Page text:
A delegation of the CSLI Navy Corps Tenerife visits the ‘Gorch Fock’ in Santa Cruz de Tenerife.
|A report by Prof. Hans König|
For many years the Canaries have served as winter quarters for the famous German Sail Training Ship ‘Gorch Fock’. After completing their training voyage in Gran Canaria, the cadets are flown home and the ship transfers to Tenerife. Here, in the port of Santa Cruz de Tenerife, a new crew of trainees takes possession.
Being such a regular visitor to our island’s capital was grounds enough for us to show our respect by visiting and presenting an embroidered pennant.
We were logged to arrive at 4.30pm, but fate wasn’t smiling kindly on us. With a time cushion of half an hour, we arrived in the vicinity of the pier and thought we were at our destination. But we had reckoned without the city marathon. Stern Motorcycle Policeman directed us away to the edge of the city, and all our attempts to reach the port in our cars failed. Thus began what felt like our own city marathon, though it was only five or six kilometres. It fulfilled the bold prophecy of our President, Wolfgang Steinhardt, that I “would soon be taking part in a marathon again” after my half-failed, half-successful hip surgery.
Finally, after climbing up the gangway of the ‘Gorch Fock’, we saluted the quarterdeck and the German Flag.
We were very kindly welcomed by the Officer of the Watch, Lieutenant Sonneborn, who apologized for the absence of Captain Riesch who was taking his last shore leave, no matter – we would only have kept him waiting – so we presented our colourful pennant with the coat of arms of the Canary Islands. In return we received a souvenir crest of the ‘Gorch Fock’, but only after making a 20 € donation. Yes, even the German Navy must make economies.
A tour of the upper deck of the barque completed our Sunday outing. Since, in the early 1980s, I had made some voyages on the big Norwegian barque ‘State Lehmkuhl’ (home port of Bergen), which was at that time in the port of Santa Cruz, and also on the three-masted full-rigged ship ‘Soerlandet’, I could contribute something from my memory on the amazing spider web of running and standing rigging above us.
Just for clarification: a barque is a three-masted sailing ship with only two square-rigged masts, the third, the mizzen mast, has a sail in line with the ship. A full-rigged ship has three or more square-rigged masts.
We looked up into the moulded steel mast spars: the mainmast, the topmast, and, we guessed, far above us at the very top, the topgallant mast. The mainsail and topsail shone white in the bright light with the lower shrouds leading to the mainmast top, and above them the topmast shrouds. Up these shrouds, with your feet clutching the cross-ropes, or ratlines, you have to go to reach the spars, which carry the sails. When working sails men were not harnessed, only standing on the footropes attached under the spars. It is perhaps not surprising that, since 1958, a number of sail trainees have been lost working the sails. Nevertheless, if one hesitates for a moment before beginning the climb, your shipmates will begin chiding you and the Officers will call, then roar, their orders. One just has to go out along the footrope bracing your body against the spar. We could clearly see the mainsail yard, the lower topsail and upper topgallant sail yards and, at the very top, the delicate royal yard which was always out of bounds to me with my weight.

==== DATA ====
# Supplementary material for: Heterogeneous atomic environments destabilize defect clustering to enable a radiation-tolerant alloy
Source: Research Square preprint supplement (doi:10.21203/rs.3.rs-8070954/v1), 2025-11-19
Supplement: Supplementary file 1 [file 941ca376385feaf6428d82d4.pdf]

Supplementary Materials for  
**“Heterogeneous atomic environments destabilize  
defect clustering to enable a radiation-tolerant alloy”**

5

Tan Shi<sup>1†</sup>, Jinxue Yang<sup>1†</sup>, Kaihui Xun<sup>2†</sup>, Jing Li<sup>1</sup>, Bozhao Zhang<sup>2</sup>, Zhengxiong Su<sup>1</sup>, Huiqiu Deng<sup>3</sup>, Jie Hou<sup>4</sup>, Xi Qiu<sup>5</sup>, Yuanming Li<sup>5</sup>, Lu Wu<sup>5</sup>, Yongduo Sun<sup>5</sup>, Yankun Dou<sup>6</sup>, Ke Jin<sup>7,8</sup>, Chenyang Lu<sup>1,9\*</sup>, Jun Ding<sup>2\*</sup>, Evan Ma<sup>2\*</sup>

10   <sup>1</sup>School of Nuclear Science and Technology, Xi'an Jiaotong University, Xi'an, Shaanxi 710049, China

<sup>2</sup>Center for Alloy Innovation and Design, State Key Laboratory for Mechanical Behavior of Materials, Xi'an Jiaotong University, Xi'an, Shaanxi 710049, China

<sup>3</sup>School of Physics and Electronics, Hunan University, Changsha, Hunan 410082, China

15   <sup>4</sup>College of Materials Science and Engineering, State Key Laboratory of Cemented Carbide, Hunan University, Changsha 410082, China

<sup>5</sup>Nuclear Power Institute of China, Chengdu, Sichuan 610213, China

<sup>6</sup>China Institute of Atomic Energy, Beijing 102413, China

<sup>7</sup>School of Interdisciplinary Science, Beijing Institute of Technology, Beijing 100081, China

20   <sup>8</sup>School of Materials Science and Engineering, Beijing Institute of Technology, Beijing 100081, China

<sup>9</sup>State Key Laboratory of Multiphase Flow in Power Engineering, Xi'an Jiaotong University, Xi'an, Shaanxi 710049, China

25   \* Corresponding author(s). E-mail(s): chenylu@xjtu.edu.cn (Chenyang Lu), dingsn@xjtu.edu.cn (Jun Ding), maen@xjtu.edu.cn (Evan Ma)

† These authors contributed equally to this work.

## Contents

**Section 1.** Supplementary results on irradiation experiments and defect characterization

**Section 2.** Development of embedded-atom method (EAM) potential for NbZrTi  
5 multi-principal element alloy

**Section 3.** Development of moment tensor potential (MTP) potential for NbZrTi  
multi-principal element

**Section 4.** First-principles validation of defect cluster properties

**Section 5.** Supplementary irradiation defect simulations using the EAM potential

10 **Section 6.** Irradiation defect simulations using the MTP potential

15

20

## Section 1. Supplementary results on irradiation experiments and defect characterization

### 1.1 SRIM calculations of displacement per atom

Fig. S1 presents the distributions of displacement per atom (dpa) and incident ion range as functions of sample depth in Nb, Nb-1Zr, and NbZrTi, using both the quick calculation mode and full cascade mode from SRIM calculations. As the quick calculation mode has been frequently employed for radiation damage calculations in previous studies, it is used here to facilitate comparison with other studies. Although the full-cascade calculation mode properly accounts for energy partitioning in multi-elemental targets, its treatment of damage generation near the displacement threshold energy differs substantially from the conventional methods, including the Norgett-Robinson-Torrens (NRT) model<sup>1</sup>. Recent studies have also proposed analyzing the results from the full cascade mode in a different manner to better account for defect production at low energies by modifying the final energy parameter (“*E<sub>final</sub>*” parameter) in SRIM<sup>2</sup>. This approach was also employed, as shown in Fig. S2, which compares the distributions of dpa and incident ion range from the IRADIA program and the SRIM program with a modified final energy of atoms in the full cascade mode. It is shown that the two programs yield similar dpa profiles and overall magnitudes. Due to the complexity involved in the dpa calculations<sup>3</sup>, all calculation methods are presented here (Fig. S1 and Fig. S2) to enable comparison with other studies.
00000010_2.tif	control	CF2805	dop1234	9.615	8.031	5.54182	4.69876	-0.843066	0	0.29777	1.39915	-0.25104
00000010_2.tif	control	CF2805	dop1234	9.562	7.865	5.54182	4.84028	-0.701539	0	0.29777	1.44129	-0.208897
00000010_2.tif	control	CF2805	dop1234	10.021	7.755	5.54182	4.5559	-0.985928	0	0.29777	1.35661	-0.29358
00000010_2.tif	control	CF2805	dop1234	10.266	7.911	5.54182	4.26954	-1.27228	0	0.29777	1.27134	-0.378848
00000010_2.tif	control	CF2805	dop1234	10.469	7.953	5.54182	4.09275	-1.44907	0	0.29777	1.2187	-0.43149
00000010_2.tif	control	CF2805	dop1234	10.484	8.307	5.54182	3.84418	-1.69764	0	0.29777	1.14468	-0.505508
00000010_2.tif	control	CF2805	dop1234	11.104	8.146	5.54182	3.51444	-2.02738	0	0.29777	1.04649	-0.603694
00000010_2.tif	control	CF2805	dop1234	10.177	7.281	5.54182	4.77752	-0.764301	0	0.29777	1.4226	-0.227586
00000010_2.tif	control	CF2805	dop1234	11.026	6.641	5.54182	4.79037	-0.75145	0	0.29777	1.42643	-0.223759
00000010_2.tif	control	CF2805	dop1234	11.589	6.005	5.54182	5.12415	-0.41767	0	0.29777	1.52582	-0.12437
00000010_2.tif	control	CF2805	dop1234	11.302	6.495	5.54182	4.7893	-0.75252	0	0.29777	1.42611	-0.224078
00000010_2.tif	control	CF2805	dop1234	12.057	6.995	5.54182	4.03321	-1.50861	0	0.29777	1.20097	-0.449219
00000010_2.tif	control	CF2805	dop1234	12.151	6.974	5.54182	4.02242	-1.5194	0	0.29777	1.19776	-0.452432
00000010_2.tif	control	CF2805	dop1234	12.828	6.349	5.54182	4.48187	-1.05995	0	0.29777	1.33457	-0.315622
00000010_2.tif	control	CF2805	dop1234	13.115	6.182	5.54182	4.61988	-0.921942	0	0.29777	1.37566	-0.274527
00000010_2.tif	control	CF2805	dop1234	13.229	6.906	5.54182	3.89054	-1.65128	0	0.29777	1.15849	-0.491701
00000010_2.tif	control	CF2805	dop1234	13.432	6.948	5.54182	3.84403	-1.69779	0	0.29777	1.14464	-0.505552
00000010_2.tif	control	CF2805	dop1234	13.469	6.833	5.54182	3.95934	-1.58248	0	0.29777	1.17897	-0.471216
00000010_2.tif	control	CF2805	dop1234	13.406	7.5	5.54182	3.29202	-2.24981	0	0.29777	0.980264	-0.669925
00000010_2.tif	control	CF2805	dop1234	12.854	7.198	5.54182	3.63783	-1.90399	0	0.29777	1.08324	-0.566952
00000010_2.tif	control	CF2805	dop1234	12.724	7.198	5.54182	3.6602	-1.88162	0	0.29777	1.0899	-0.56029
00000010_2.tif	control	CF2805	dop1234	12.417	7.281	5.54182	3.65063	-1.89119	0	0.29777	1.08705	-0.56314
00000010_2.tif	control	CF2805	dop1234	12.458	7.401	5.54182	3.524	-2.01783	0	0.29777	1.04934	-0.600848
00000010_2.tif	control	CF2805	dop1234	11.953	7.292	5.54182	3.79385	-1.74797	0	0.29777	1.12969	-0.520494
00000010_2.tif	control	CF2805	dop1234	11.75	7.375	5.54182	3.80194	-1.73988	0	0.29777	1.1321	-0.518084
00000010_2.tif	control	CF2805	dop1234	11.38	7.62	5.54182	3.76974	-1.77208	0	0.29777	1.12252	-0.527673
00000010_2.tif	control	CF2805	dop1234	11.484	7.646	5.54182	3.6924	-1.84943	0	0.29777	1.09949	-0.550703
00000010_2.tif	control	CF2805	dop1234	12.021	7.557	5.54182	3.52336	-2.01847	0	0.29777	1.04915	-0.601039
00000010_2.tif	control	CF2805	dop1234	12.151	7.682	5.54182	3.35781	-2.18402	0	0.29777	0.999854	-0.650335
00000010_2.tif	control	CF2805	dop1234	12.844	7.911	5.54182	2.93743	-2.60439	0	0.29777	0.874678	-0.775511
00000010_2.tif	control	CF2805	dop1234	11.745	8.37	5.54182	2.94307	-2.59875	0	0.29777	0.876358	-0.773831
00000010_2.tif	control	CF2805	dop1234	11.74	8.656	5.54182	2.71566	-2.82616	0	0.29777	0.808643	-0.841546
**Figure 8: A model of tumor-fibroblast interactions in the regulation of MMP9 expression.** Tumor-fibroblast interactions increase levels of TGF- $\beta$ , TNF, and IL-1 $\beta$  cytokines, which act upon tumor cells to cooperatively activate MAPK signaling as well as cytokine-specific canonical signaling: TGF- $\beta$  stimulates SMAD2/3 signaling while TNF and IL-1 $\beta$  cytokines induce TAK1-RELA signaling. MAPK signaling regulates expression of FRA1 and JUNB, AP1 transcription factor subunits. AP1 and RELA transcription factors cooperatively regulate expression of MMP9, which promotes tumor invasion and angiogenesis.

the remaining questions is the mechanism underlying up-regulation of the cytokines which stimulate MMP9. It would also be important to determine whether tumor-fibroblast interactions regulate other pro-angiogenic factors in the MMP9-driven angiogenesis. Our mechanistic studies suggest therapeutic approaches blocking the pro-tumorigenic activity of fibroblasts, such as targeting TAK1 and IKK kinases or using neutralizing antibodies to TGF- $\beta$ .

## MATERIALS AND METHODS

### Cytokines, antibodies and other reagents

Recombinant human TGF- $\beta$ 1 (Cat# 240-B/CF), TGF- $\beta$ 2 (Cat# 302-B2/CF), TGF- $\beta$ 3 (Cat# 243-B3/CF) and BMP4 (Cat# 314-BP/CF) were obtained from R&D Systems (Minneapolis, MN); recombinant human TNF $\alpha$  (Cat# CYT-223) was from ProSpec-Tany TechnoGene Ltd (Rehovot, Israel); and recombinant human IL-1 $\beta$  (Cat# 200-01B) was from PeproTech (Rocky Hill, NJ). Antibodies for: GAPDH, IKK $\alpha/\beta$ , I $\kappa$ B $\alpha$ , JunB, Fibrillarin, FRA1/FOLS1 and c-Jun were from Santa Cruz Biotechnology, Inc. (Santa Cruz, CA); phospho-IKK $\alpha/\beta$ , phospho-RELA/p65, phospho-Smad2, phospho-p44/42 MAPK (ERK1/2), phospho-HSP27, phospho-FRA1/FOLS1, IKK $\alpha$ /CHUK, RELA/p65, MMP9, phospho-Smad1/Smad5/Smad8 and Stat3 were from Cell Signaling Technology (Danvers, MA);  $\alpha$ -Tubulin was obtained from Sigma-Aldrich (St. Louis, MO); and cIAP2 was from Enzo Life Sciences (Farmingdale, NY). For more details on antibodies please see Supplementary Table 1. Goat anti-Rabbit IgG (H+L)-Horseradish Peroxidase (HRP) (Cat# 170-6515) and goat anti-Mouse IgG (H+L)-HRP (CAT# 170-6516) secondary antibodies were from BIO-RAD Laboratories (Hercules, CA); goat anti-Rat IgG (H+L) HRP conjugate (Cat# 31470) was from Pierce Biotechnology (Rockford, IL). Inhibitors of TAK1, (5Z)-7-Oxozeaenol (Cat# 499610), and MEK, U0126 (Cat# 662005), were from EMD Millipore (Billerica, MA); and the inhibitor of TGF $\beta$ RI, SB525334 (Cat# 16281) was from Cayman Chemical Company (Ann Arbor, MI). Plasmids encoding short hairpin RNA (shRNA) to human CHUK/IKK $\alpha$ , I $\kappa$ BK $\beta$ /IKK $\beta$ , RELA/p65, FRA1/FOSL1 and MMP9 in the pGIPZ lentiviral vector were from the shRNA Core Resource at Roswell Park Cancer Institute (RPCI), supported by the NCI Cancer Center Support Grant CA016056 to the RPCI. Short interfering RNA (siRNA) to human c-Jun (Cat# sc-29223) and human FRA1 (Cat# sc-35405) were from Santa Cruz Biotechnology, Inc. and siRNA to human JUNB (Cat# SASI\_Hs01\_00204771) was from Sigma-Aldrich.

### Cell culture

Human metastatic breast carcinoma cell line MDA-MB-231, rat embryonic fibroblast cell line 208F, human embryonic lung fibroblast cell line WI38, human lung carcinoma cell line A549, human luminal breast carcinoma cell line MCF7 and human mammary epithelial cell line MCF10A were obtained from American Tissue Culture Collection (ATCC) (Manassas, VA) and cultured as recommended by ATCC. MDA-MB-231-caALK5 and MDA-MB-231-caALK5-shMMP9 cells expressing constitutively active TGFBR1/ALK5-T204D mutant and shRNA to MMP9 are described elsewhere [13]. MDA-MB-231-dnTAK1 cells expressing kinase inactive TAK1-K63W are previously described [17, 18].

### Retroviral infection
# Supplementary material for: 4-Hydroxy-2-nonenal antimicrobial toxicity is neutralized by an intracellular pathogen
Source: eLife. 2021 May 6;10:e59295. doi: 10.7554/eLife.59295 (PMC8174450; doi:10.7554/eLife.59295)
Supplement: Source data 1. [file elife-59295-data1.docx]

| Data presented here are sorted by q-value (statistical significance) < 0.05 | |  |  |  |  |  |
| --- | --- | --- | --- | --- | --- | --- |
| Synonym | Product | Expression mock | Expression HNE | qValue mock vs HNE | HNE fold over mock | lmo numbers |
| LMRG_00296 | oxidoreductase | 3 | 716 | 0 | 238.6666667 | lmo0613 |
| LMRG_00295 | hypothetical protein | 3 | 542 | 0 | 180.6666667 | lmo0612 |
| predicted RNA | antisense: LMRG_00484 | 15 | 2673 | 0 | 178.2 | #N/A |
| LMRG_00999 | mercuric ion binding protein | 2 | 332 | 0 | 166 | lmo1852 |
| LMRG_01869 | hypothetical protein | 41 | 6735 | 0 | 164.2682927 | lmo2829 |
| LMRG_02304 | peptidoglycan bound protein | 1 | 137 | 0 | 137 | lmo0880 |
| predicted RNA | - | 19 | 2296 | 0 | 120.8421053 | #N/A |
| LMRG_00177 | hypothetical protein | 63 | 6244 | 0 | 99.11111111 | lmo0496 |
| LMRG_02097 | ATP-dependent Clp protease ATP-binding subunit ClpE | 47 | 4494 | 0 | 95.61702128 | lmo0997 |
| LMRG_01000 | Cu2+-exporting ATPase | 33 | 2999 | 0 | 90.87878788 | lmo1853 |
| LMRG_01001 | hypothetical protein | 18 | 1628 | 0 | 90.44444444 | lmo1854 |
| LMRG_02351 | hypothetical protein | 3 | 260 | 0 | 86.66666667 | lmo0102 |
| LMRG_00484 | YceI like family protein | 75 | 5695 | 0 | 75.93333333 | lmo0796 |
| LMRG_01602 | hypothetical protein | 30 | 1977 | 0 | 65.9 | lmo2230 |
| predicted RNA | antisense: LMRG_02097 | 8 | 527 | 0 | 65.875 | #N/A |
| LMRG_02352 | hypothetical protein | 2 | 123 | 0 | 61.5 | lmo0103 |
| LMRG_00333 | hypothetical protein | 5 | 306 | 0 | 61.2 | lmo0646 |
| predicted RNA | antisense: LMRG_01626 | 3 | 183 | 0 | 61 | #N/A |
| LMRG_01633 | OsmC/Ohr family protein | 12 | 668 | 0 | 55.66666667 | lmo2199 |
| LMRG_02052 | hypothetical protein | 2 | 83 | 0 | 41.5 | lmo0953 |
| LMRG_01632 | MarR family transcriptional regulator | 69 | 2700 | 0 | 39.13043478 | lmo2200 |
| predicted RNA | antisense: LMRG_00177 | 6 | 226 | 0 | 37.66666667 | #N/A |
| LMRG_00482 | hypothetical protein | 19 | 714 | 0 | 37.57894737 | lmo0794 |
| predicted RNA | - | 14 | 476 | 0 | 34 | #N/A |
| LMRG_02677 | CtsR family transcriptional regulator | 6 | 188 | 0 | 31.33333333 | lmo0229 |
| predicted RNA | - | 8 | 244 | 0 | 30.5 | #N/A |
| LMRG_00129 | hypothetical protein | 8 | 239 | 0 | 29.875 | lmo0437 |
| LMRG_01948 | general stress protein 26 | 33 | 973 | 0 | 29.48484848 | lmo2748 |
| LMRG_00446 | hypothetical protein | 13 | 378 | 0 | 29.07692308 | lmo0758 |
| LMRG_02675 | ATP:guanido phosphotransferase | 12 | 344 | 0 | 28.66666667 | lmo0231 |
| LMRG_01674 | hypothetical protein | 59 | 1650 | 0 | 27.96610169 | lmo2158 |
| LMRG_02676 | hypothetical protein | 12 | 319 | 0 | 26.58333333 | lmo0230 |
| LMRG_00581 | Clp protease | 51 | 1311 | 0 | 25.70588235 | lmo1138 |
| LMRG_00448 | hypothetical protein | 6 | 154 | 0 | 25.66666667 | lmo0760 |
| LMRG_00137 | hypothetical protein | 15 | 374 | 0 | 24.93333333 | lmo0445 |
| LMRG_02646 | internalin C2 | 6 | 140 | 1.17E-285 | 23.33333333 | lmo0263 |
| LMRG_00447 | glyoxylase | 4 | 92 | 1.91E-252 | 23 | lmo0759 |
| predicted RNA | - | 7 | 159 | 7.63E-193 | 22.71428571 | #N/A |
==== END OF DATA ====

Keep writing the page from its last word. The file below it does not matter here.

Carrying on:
From the right top centre of the topmast, behind the shrouds, backstays support the mast laterally, while from the front a stay prevents the mast falling. Our Corps Band horn player, Lt. CSLI Peggy Weise, had specially prepared for the visit on the Internet and, standing by the port side shrouds, it was a pleasure for me to compare with her the difference between details like the mainsail leech and the topsail leech. She had also learned by heart the story of the writer Gorch Fock, who fell at the Battle of Jutland in 1916 on the light cruiser SMS Wiesbaden, and after whom the Training Ship is named. His most popular work was a novel in which he described the life of the deep-sea fisherman. Its title ‘Seefahrt ist Not!’ (Seafaring is Necessary!) is often misinterpreted in Vienna as Seafaring is Distress!
Then we got to the quarterdeck, where I could relive my memories of the martyrdom of the capstan.
These days there are motor winches to lift the anchor from the sea, but in my day capstan bars – long, rough, thick poles – were put into the capstan and we pushed them round in time to Sea Shanties with our minds empty, gasping for breath, until at last the command sounded “Up and down“. That meant that the anchor was dangling from its hawse and the ship swung free. The anchor then had to be lashed in place, taking care not to soil the ship’s plates, while the ship slowly got under way to begin its voyage.
Evening was coming on as the sun went down so we shot some photos of the figurehead of the Gorch Fock, a moulded carbon fibre albatross. In German the figurehead is known as a ‘Galionsfigur’, the term deriving from ‘galion’ the Spanish for balcony. The galion was a porch in front of the prow, which supported the bowsprit. At first figures were placed in the galion of Spanish and Portuguese ships, later they were attached to the outside. Although these later ship types had no real galion any more, the name Galionsfigur remained. Sailors’ superstition has it that the figurehead watches over the course of the ship to save it from disaster. The albatross of the Gorch Fock is its sixth attempt at a permanent figurehead, some being lost in storms, some severely damaged.
At the end of our visit, the bay of Santa Cruz glowed in the sunset and my old memories, the memories of an “Ancient Mariner”, faded slowly with the fading daylight.
Prof. Hans König
Commodore CSLI Navy Corps
Ferdinand Graf (Senior Commander CSLI)
Peggy Weise (Guard Lt. CSLI)